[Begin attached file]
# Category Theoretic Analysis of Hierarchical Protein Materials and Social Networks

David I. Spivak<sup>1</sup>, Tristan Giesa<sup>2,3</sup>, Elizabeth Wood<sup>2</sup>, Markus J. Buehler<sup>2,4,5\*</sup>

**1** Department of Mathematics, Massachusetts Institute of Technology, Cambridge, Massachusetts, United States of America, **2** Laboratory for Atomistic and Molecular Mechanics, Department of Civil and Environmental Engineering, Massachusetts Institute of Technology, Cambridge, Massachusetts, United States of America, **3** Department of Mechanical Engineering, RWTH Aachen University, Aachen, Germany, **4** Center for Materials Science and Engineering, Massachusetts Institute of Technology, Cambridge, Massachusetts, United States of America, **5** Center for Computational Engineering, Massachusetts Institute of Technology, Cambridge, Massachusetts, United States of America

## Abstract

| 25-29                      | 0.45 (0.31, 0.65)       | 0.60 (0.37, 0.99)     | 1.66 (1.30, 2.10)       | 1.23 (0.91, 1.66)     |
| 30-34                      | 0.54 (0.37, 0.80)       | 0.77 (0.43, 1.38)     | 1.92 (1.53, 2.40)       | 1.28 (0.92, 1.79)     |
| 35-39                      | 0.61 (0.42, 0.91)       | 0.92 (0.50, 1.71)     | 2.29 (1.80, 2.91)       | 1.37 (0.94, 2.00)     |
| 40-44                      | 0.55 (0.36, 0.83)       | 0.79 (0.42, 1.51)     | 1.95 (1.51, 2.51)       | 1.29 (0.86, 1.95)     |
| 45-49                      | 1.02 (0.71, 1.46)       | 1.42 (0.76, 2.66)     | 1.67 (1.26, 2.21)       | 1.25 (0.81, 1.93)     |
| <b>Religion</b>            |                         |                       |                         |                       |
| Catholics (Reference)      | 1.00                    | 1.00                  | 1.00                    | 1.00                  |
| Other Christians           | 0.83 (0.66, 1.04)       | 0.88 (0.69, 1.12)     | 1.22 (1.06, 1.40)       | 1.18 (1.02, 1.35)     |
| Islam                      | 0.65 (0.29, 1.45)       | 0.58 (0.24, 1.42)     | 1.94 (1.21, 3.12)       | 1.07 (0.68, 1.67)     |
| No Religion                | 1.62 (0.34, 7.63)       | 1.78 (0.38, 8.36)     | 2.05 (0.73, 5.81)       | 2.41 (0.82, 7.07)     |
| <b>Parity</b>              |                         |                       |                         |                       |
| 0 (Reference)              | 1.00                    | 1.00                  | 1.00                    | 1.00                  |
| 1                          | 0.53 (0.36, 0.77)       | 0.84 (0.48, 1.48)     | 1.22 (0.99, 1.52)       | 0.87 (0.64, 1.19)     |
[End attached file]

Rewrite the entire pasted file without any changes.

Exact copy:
# Category Theoretic Analysis of Hierarchical Protein Materials and Social Networks

David I. Spivak<sup>1</sup>, Tristan Giesa<sup>2,3</sup>, Elizabeth Wood<sup>2</sup>, Markus J. Buehler<sup>2,4,5\*</sup>

**1** Department of Mathematics, Massachusetts Institute of Technology, Cambridge, Massachusetts, United States of America, **2** Laboratory for Atomistic and Molecular Mechanics, Department of Civil and Environmental Engineering, Massachusetts Institute of Technology, Cambridge, Massachusetts, United States of America, **3** Department of Mechanical Engineering, RWTH Aachen University, Aachen, Germany, **4** Center for Materials Science and Engineering, Massachusetts Institute of Technology, Cambridge, Massachusetts, United States of America, **5** Center for Computational Engineering, Massachusetts Institute of Technology, Cambridge, Massachusetts, United States of America

## Abstract

| 25-29                      | 0.45 (0.31, 0.65)       | 0.60 (0.37, 0.99)     | 1.66 (1.30, 2.10)       | 1.23 (0.91, 1.66)     |
| 30-34                      | 0.54 (0.37, 0.80)       | 0.77 (0.43, 1.38)     | 1.92 (1.53, 2.40)       | 1.28 (0.92, 1.79)     |
| 35-39                      | 0.61 (0.42, 0.91)       | 0.92 (0.50, 1.71)     | 2.29 (1.80, 2.91)       | 1.37 (0.94, 2.00)     |
| 40-44                      | 0.55 (0.36, 0.83)       | 0.79 (0.42, 1.51)     | 1.95 (1.51, 2.51)       | 1.29 (0.86, 1.95)     |
| 45-49                      | 1.02 (0.71, 1.46)       | 1.42 (0.76, 2.66)     | 1.67 (1.26, 2.21)       | 1.25 (0.81, 1.93)     |
| <b>Religion</b>            |                         |                       |                         |                       |
| Catholics (Reference)      | 1.00                    | 1.00                  | 1.00                    | 1.00                  |
| Other Christians           | 0.83 (0.66, 1.04)       | 0.88 (0.69, 1.12)     | 1.22 (1.06, 1.40)       | 1.18 (1.02, 1.35)     |
| Islam                      | 0.65 (0.29, 1.45)       | 0.58 (0.24, 1.42)     | 1.94 (1.21, 3.12)       | 1.07 (0.68, 1.67)     |
| No Religion                | 1.62 (0.34, 7.63)       | 1.78 (0.38, 8.36)     | 2.05 (0.73, 5.81)       | 2.41 (0.82, 7.07)     |
| <b>Parity</b>              |                         |                       |                         |                       |
| 0 (Reference)              | 1.00                    | 1.00                  | 1.00                    | 1.00                  |
| 1                          | 0.53 (0.36, 0.77)       | 0.84 (0.48, 1.48)     | 1.22 (0.99, 1.52)       | 0.87 (0.64, 1.19)     |